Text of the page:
[Youtube=http://youtube.com/watch?v=vzEFQ4idTRM]

[Youtube=http://youtube.com/watch?v=XHdvZpDwBrM]

This is so cool! Virtual Interpersonal Interaction

I am robot…? I am telecommuter.

I bought a copy of the Economist for reading on the plane. I read about HP’s attempts to develop Virtual Telepresence so workers wouldn’t have to commute thousands of miles. The technology can be applied as a virtual interactive environment/room or as a personal mobile unit. Looks like Cisco is actually using some of this technology today in the form of a Telepresence room. It’s not cheap at $350,000 a room and $18,000 a month for maintenance, but still they claim that it’s cut down costs for transatlantic and long-distance flights.

If you visit HP’s site you can get a glimpse of one of their personal mobile units. When you use this unit, your image and voice travel around via a little robot on wheels. You can see everything via the semi-panoramic cameras on top of your virtual head. Now, I think this is pretty cool looking because it looks like it rolled off of Terry Gilliam’s movie Brazil, but I can see that some people might find it aesthetically unappealing and impersonal or just plain weird. Okay, I’m a geek and I’m the first to admit it, and while the technology posted here is a bit clunky looking still I really appreciate the work and effort that went into pushing this concept forward.

http://www.hpl.hp.com/research/mmsl/demonstrations/etravel.html

telecommuterfuturesm.jpg

Bridging the Tech Gap with Nice People

Via a search today, I just read this brief post on HBR from Tom Davenport from March: Why Enterprise 2.0 Won’t Transform Organizations.

He brings up a good point about:

Such a utopian vision can hardly be achieved through new technology alone. The absence of participative technologies in the past is not the only reason that organizations and expertise are hierarchical. Enterprise 2.0 software and the Internet won’t make organizational hierarchy and politics go away. They won’t make the ideas of the front-line worker in corporations as influential as those of the CEO. Most of the barriers that prevent knowledge from flowing freely in organizations – power differentials, lack of trust, missing incentives, unsupportive cultures, and the general busyness of employees today – won’t be addressed or substantially changed by technology alone.

Recently in a conversation I had at the PDX blogger dinner. I spoke with the Director of Product Marketing of Jive Software (sadly, I was not able to stay and see the demo of their alternative to Sharepoint. Any alternative to Sharepoint gets my attention). I noted that one of the biggest mistakes we make in project management is assuming that the tools (software, spreadsheets, web aps, etc.) will take the place of hiring good people, setting reachable goals, and building good relationships between team members.

Davenport is right. Technology won’t change things alone. But people can help, and especially ‘nice people’ who are passionate about what they do. When I think of really nice people like this, I think of Josh Bancroft. I used to work with Josh in IT at my former company. Josh has a real ‘can do’ (can’t believe I used that term) attitude about sharing what he’s excited about. He actually introduced a friend of mine and me into the worlds of podcasting and wikis. He was always excited about sharing his ‘geek’ knowledge, as he called it, with others and helping them learn and discover how to use Web 2.0 technologies. He inspired a few communities within the company that spawned new movements in applying collaborative technologies, some with some pretty impressive and cool results.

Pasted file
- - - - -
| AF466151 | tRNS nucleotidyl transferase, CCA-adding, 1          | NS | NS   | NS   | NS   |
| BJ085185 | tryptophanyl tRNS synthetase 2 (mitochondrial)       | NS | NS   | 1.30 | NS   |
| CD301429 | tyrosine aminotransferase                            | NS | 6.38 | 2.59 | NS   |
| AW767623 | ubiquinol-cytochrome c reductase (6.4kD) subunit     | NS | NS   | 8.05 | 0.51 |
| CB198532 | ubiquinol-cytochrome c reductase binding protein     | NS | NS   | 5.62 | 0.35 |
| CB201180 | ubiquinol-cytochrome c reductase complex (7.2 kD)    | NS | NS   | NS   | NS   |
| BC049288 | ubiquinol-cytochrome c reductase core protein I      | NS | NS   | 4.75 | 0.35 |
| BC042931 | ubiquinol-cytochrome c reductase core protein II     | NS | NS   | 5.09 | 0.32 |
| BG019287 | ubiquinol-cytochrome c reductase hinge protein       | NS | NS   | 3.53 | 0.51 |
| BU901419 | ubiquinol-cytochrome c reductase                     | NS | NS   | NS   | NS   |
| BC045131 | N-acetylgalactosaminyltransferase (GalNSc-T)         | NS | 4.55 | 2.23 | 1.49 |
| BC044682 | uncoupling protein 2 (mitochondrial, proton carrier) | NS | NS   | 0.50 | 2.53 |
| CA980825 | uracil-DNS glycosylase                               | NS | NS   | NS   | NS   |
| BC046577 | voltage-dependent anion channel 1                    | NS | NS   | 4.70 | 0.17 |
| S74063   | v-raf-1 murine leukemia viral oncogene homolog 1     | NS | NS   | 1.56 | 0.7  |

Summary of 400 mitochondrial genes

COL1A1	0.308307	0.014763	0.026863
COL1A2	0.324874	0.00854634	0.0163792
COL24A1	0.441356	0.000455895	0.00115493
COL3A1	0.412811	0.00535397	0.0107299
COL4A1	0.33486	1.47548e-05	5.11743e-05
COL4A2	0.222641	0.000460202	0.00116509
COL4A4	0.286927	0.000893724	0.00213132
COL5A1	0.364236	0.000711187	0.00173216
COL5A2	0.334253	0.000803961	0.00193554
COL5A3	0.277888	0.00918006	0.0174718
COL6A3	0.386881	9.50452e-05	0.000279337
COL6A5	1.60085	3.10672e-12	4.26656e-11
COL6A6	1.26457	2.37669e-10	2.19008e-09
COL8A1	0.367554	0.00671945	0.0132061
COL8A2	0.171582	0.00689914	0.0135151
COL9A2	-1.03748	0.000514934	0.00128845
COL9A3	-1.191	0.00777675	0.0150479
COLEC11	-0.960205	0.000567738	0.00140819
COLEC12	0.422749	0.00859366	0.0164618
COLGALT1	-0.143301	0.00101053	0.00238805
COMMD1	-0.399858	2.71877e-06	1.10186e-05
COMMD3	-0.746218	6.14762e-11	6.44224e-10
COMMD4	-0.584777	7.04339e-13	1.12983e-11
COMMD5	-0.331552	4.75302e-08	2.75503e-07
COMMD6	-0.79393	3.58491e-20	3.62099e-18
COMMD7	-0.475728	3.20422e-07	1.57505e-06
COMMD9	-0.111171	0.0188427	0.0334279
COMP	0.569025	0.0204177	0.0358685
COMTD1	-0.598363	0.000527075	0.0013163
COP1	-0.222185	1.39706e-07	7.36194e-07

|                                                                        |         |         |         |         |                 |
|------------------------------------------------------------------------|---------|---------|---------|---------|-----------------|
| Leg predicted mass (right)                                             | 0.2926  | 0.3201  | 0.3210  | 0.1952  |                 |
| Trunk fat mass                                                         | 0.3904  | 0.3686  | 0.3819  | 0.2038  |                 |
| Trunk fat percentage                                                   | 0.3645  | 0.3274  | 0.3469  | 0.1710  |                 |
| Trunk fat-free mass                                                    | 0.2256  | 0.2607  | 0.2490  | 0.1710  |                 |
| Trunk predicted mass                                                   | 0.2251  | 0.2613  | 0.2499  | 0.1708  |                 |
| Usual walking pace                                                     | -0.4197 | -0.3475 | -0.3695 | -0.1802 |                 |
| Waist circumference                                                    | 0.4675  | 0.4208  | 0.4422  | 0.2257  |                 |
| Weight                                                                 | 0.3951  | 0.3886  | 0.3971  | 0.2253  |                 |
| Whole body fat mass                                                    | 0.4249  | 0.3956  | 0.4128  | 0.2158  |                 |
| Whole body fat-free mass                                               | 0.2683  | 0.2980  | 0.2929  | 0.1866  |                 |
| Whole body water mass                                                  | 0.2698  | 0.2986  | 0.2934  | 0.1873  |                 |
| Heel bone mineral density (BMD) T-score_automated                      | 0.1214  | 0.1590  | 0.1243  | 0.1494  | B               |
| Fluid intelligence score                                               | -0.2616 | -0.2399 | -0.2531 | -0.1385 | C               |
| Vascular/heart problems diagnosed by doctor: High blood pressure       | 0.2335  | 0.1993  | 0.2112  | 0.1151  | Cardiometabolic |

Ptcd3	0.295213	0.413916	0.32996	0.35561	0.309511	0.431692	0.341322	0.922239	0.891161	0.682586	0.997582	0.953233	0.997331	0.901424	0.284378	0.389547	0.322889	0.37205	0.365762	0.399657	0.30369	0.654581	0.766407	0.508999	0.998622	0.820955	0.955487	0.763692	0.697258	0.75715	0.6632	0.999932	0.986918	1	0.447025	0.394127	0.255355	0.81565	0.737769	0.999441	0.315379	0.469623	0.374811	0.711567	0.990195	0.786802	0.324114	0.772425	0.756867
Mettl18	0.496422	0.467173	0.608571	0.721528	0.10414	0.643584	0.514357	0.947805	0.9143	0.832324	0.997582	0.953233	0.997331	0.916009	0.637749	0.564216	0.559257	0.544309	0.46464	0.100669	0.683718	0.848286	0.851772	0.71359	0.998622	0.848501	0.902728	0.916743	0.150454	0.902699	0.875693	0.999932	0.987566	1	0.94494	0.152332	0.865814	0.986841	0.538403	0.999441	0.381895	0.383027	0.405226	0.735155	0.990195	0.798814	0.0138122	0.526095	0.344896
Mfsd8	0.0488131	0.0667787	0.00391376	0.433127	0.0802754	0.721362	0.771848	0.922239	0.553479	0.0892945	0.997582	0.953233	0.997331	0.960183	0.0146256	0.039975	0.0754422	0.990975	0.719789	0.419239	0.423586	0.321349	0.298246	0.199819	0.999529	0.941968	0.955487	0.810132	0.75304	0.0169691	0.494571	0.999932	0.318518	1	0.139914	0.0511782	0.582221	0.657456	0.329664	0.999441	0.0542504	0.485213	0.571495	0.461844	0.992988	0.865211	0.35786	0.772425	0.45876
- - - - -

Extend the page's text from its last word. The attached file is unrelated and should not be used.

Davenport openly admits that he’s being a curmudgeon in regards to the potential of Enterprise 2.0, but Curmudgeons are important too. They force us to really take things into perspective. Though we should never let any resistance, negativism, criticism or cynicism shape our view or hinder where we want to take our imagination and creativity.

Though I disagree with Davenport on the matter of structuring of knowledge in the workplace. Structured information environments don’t necessarily need to limit or hinder the sharing of information. I can learn just as much about how to process a purchasing document in SAP or what the best transaction could be by networking with my co-workers and learning how they do things. That’s the problem with creating prescriptive or linear materials and documentation for tools like SAP instead of training people to ‘think for themselves’ or even learn from each other, you get people locked into automaton mode and you don’t build a workforce that can think on their feet, innovate or adapt quickly to change.

I have hope for Enterprise 2.0 despite everyone thinking that it is or was a big. Though still we have to let the curmudgeon in us rise up every now and then and question where we’re going. Sometimes questioning when done constructively can only open up new avenues or possibilities.

Somewhat to mildly related stuff:

Friday Funny – IT Crowd and the Mighty Boosh

These shows came out a bit ago, but I’ve been in the mood for office humor because I work at home. If you haven’t seen this yet… I got this show as an X-mas present last year (we have an all region DVD). It was one of my most treasured scores that year :). Rumor has it that Richard Ayoade (Moss) is actually slated to be in the US version of the show. I used to work in IT (sort of)… so it’s kinda funny.